Somehow, Monica gets the children out the door and to school. She drives home feeling guilty that she forgot to move the car seat back to the backwards-facing position before leaving for school and that she might have been a little too stern about breakfast and a little too laid back about the fighting since little Suzie got the short end of the stick in the fight, as usual.

She arrives home and attaches her Fitbit and makes sure to train for her triathlon coming up and then stops to buy kale at the store for a snack later. The kids come home from school, and she has a plate of homemade kale chips on the table ready for them to devour. While they eat, she checks her Facebook app and reads about the harmful effects of a parent checking her phone and shuts it off with feelings of guilt for checking it right then, and she wonders if she’s ruined her relationships with her kids for all the other times she has checked her phone in front of them.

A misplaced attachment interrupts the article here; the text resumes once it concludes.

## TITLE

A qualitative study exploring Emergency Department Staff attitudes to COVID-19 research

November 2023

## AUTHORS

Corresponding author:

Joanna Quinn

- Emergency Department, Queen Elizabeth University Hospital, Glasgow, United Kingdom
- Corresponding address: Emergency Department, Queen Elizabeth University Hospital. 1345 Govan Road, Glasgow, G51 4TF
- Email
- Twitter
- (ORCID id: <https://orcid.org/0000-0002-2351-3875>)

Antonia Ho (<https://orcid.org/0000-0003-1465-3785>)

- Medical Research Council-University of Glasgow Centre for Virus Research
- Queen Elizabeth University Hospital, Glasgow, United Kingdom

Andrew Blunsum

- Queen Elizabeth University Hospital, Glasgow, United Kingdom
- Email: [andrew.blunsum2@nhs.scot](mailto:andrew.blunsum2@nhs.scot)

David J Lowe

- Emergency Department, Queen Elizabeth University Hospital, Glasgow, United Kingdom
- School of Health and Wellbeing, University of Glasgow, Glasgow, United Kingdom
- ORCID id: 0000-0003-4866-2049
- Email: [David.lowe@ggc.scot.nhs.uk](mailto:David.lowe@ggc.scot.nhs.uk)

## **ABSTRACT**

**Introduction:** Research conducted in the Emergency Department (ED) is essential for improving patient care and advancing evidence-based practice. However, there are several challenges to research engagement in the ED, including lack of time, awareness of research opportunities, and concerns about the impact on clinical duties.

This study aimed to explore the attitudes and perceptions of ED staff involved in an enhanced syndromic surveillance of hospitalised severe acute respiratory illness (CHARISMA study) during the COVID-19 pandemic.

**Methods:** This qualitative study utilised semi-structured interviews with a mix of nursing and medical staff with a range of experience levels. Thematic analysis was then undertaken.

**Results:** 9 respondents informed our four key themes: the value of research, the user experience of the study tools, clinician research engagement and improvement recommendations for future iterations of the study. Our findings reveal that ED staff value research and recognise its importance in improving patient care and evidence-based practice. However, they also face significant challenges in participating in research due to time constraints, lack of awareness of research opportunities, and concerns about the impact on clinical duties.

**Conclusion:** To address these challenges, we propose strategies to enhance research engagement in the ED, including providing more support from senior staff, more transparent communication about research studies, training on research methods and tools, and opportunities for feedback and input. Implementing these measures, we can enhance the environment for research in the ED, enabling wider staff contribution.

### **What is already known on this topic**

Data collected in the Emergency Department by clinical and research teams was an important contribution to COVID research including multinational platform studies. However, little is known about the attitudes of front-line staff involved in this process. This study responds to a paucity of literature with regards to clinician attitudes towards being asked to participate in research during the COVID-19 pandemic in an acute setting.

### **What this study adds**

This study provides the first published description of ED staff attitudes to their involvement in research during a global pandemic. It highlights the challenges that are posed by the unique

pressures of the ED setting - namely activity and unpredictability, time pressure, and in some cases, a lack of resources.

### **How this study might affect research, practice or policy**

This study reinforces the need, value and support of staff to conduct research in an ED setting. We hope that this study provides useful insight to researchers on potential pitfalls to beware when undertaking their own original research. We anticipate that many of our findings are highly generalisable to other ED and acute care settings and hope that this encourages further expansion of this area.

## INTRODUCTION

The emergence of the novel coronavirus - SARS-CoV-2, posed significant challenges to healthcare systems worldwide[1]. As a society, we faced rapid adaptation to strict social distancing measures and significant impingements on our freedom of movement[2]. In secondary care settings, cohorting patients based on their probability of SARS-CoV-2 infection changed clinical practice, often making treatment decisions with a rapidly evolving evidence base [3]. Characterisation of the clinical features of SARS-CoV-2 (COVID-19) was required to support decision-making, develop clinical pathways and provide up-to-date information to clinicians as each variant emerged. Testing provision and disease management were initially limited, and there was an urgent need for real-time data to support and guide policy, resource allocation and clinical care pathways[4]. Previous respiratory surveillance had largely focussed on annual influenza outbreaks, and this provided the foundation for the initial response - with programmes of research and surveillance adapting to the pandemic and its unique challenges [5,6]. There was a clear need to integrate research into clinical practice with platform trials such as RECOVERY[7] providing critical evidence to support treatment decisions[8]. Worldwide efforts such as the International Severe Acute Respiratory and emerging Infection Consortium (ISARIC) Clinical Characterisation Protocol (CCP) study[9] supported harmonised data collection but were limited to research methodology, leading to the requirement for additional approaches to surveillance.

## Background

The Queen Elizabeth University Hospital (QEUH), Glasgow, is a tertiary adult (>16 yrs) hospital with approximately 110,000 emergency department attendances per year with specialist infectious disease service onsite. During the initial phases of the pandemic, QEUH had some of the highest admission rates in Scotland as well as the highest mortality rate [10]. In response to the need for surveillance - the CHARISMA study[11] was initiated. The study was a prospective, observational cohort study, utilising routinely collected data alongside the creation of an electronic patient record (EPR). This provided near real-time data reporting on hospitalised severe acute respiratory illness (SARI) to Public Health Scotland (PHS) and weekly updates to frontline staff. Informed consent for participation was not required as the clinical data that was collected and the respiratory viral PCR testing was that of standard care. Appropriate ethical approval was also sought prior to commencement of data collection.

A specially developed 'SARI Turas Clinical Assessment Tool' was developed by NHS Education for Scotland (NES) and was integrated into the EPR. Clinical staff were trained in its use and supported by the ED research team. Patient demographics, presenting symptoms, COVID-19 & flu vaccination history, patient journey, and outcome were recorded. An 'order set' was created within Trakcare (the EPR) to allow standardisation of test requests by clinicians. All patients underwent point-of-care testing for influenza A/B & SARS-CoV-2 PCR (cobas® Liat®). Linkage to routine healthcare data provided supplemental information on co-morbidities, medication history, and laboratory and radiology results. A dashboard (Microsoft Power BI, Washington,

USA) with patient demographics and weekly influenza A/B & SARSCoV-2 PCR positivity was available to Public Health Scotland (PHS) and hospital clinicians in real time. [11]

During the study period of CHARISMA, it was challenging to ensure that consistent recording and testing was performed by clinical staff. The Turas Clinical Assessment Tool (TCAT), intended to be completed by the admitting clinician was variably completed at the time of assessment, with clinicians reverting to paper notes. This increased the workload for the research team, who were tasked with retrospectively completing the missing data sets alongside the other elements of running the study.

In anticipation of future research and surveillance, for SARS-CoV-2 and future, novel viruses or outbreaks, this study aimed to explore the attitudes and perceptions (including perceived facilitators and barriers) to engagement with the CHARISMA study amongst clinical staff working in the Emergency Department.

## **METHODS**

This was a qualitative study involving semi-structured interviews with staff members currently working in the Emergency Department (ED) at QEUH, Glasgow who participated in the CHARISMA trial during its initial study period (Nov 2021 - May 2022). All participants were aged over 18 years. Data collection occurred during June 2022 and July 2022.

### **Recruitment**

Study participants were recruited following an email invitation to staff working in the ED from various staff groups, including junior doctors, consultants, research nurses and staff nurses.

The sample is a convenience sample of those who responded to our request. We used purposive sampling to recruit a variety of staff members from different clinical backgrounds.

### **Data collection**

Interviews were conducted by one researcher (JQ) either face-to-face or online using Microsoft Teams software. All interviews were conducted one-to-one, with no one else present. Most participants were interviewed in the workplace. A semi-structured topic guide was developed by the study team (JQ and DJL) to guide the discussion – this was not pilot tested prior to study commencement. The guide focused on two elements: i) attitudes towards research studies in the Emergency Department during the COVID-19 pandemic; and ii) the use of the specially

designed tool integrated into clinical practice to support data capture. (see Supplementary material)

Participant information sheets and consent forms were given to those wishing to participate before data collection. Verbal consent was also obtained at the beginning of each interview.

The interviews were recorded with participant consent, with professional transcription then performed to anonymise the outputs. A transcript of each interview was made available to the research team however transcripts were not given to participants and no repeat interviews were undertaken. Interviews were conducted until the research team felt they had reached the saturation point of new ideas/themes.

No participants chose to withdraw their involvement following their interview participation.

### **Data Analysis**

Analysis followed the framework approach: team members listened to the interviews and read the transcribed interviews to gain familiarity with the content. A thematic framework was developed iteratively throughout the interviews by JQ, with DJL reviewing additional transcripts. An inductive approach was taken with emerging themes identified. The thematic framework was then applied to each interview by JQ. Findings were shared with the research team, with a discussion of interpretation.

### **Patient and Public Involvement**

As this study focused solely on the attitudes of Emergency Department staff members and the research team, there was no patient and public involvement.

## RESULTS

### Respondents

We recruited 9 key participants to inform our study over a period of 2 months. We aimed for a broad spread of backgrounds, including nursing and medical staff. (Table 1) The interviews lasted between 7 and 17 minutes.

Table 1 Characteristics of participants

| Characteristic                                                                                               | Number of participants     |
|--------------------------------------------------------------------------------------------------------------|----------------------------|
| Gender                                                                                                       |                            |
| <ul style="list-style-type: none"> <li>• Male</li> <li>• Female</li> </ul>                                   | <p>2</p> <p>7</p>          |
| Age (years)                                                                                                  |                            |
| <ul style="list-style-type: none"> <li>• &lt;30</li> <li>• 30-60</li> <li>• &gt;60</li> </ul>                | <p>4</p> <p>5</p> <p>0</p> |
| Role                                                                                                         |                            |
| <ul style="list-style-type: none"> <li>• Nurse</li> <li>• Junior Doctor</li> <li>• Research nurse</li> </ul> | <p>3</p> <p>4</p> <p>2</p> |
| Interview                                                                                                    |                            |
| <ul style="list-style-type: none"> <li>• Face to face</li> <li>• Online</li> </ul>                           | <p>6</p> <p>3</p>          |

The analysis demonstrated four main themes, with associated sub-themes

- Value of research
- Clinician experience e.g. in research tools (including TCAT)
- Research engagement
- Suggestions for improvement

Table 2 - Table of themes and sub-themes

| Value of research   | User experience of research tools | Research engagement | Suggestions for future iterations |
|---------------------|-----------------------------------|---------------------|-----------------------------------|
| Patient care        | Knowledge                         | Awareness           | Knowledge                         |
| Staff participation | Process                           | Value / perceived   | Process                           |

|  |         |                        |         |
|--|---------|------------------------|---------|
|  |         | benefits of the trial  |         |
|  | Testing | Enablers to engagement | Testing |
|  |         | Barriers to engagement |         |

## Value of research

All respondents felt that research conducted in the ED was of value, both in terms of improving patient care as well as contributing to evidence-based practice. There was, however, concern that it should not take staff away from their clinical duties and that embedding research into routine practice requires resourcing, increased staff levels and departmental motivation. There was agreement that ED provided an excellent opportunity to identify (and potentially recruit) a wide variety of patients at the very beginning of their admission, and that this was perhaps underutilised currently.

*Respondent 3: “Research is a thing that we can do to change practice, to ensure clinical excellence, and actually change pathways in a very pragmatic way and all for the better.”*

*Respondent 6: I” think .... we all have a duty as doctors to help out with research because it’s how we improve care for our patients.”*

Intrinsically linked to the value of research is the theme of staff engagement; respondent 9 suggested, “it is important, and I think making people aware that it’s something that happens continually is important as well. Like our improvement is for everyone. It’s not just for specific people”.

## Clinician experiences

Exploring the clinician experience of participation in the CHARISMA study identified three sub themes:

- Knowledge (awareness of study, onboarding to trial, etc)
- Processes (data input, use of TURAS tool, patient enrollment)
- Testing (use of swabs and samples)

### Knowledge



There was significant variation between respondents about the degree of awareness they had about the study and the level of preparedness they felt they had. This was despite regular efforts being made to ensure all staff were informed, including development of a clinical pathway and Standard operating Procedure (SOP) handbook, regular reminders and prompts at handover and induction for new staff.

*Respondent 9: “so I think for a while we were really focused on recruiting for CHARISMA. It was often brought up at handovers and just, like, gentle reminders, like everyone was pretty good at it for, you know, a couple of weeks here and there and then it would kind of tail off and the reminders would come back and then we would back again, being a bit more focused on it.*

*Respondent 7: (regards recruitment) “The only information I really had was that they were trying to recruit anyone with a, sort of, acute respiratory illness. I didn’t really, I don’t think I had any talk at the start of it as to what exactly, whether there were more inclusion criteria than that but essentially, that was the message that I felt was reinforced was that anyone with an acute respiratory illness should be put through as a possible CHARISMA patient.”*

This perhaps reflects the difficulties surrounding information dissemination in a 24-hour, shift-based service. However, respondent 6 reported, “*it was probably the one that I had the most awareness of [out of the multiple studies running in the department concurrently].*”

She then loads the kids into the car (and moves that car seat around) for their respective and super important extra-curricular activities, and while she waits for them, she reads another article that popped up on her news feed about a mom who says “no” to screen time for her kids because she wants to see their eyes light up at every possible chance. Monica sighs and wonders if that mom ever cooks or takes care of any household chores. Later, she stays up with the kids until midnight helping them with their homework since Suzie’s friend’s mom posted a photo on Facebook of the beautiful project “they” had finished “together”. Monica then feels afraid of Suzie going to school with something a child would actually make and “helps” her make something that could be a display item in a craft store. She then falls asleep clutching her book she heard about from a Facebook friend about how to get your child into an Ivy League school, because she feels that the next 10 years before they apply to college are going to make or break the path to a successful life for them.

It is an over-achieving, information-overload fest out there in cyber space these days, and it is hard to picture what sort of effect today’s Internet will have on the kids when they are grown in about 20 years, but one thing is certain. The effect on us parents is going to be pretty hellacious if we keep falling into the trap that is the illusion of human perfection. I imagine that if I’m feeling exhausted with all of the information out there crowding up my brain, it is going to have a negative effect on my children.